Written by: George Cooper
When coming up with solutions to problems it’s natural to begin by looking at what already exists to solve the problem you’re working on.
In software, you see this all the time.
If we look at the advisor world, technology firms are constantly innovating to create more sophisticated, more fully-featured products which aim to solve advisors’ problems.
And, that is of course a good thing in many ways.
The risk, however, is that we end up seeing re-inventions upon re-inventions of existing solutions, rather than utilizing new methods to solve the fundamental issue.
Let me give you an example:
Say your CRM doesn’t reconcile fund flow data well. The industry says “we’ll build a more fully-featured CRM.”
Or your fact find isn’t nuanced enough to capture the information required for your firm. In that case, let’s build a more customizable fact find system that has a richer feature set, a better user experience and the like.
I do, however, wonder if we’re putting the cart before the horse here.
Let me try and explain:
Broadly speaking, I think there are two ways you might want to design a toaster.
One method would be to perform a detailed assessment of the existing toaster market, rank the quality of existing products, look at different feature sets and costs, perhaps even interview toaster ‘owners’ about their experience with the product. (I appreciate the example is a little banal, but stay with me.)
And you’d probably end up with something that is very similar to what existing toasters are like today, albeit with ‘better energy efficiency, ‘faster toasting speed’, or something of that ilk.
However, there’s a totally different approach you could take.
Instead, what if you sat down and said “what’s the best way to apply heat to bread?”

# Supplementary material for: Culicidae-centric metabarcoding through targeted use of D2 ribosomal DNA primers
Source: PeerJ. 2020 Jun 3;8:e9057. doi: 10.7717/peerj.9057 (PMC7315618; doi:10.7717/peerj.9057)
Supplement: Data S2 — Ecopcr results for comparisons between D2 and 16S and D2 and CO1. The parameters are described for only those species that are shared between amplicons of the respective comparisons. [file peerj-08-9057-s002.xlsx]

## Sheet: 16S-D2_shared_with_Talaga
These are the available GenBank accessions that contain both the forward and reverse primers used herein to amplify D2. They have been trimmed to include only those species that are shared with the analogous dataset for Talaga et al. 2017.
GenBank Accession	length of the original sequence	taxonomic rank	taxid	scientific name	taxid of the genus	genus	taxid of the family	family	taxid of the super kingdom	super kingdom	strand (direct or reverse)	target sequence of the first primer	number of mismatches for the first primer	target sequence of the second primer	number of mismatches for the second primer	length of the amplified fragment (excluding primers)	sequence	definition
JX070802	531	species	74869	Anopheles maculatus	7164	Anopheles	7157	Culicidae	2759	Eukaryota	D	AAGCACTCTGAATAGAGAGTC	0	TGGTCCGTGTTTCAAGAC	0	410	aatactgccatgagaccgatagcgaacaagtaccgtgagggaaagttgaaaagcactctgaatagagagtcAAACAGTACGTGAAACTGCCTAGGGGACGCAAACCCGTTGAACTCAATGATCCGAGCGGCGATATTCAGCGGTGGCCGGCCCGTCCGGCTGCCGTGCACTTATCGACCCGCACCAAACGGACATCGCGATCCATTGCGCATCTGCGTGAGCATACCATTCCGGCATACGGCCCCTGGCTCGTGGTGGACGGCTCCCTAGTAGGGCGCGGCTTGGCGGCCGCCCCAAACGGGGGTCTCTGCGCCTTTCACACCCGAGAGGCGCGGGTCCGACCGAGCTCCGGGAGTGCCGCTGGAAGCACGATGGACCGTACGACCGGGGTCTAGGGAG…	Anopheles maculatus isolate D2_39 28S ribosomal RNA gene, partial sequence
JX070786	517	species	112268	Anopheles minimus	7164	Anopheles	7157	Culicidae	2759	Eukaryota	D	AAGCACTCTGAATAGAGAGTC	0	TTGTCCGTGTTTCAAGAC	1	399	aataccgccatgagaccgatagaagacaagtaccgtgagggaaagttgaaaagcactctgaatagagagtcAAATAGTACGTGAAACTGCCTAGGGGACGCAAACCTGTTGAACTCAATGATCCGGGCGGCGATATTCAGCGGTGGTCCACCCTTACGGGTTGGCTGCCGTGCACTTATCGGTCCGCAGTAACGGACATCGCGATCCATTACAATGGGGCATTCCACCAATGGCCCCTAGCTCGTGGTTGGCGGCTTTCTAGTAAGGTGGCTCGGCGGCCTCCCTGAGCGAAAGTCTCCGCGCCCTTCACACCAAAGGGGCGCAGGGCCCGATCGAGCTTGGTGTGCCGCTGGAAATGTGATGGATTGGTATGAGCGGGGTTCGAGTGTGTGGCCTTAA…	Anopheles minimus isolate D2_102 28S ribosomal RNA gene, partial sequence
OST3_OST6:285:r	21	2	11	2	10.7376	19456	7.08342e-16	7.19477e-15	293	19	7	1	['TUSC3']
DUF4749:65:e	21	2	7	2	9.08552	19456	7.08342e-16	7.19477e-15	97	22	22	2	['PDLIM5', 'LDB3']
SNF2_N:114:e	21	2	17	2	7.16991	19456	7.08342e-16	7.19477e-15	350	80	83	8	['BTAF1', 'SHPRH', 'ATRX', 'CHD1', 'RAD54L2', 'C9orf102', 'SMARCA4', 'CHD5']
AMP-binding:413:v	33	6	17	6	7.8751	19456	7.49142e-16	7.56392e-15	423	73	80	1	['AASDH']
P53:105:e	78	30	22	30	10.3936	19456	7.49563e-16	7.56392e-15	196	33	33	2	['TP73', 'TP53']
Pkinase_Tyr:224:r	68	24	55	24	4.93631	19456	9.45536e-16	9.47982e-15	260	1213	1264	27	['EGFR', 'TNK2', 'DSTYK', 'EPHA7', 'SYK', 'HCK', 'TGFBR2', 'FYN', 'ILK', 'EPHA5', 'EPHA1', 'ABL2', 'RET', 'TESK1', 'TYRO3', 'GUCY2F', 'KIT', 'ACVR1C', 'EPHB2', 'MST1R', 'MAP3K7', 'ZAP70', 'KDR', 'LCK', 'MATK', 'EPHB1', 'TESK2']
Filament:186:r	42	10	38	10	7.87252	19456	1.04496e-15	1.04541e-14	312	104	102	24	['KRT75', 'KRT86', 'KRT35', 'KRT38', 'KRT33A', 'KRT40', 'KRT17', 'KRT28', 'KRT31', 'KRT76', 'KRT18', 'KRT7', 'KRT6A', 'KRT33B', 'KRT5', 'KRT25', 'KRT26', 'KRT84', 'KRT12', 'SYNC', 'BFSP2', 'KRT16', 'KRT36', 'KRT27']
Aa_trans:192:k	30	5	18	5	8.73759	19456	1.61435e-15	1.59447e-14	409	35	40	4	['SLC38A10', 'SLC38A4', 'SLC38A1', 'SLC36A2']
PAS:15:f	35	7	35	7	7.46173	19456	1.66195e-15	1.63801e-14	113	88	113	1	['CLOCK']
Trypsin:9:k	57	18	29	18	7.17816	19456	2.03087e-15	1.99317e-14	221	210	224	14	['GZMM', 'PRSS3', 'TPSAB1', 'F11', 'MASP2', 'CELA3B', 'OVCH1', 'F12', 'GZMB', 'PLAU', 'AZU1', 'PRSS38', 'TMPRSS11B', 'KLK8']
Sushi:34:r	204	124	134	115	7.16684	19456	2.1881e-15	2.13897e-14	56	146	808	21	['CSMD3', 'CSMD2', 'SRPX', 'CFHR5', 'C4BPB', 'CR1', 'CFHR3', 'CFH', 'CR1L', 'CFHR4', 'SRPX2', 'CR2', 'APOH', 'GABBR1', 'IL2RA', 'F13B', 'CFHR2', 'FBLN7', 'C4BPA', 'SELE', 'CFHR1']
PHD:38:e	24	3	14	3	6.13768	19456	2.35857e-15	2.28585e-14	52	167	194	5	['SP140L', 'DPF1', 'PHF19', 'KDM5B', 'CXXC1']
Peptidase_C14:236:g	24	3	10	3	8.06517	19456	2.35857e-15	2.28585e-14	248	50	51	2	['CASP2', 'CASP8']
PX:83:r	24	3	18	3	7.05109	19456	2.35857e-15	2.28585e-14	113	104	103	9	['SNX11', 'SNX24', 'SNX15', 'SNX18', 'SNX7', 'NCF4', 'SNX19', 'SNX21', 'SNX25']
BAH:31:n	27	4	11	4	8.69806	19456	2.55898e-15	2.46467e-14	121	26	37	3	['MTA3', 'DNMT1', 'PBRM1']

And while in this example (and utilizing the second approach) you’d likely come up with a toaster design that is very similar to what’s already out there, when solving problems with greater complexity the value of going to first principles is much higher.
When thinking about solving issues far more complex than applying heat to bread, the most innovative approach is often to discard what has already been done and ask yourself, “how do we solve this problem?”
Then, you might find that you end up with a very different solution to the ones others have already created.
So, how does this relate to our industry?
While we’re making huge strides in advice tech, reg tech, even internal tools in large firms right now, I sometimes wonder if we’re re-inventing better versions of the same solutions.
Yes, incremental improvement is valuable, and this is natural as advice tech becomes a more mature marketplace. But, in my opinion, there is yet room for innovation that far exceeds simply improving existing tools in our industry. There is a lot of opportunity for genuinely disruptive innovation among advisors.
As such, the most innovative companies, I think, will be the ones who set about to solve advisors’ problems in very novel ways, and that means thinking outside the traditional model of software solutions.